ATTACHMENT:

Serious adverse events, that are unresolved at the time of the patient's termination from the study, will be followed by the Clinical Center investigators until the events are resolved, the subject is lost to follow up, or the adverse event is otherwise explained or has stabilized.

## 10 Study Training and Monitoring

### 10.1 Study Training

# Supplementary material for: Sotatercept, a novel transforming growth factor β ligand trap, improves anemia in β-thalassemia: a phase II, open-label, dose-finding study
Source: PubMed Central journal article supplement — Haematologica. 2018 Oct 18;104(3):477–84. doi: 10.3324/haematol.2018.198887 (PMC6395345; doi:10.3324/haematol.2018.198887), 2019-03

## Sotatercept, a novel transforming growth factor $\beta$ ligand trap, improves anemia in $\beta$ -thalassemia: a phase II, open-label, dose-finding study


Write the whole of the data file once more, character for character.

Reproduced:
Serious adverse events, that are unresolved at the time of the patient's termination from the study, will be followed by the Clinical Center investigators until the events are resolved, the subject is lost to follow up, or the adverse event is otherwise explained or has stabilized.

## 10 Study Training and Monitoring

### 10.1 Study Training

# Supplementary material for: Sotatercept, a novel transforming growth factor β ligand trap, improves anemia in β-thalassemia: a phase II, open-label, dose-finding study
Source: PubMed Central journal article supplement — Haematologica. 2018 Oct 18;104(3):477–84. doi: 10.3324/haematol.2018.198887 (PMC6395345; doi:10.3324/haematol.2018.198887), 2019-03

## Sotatercept, a novel transforming growth factor $\beta$ ligand trap, improves anemia in $\beta$ -thalassemia: a phase II, open-label, dose-finding study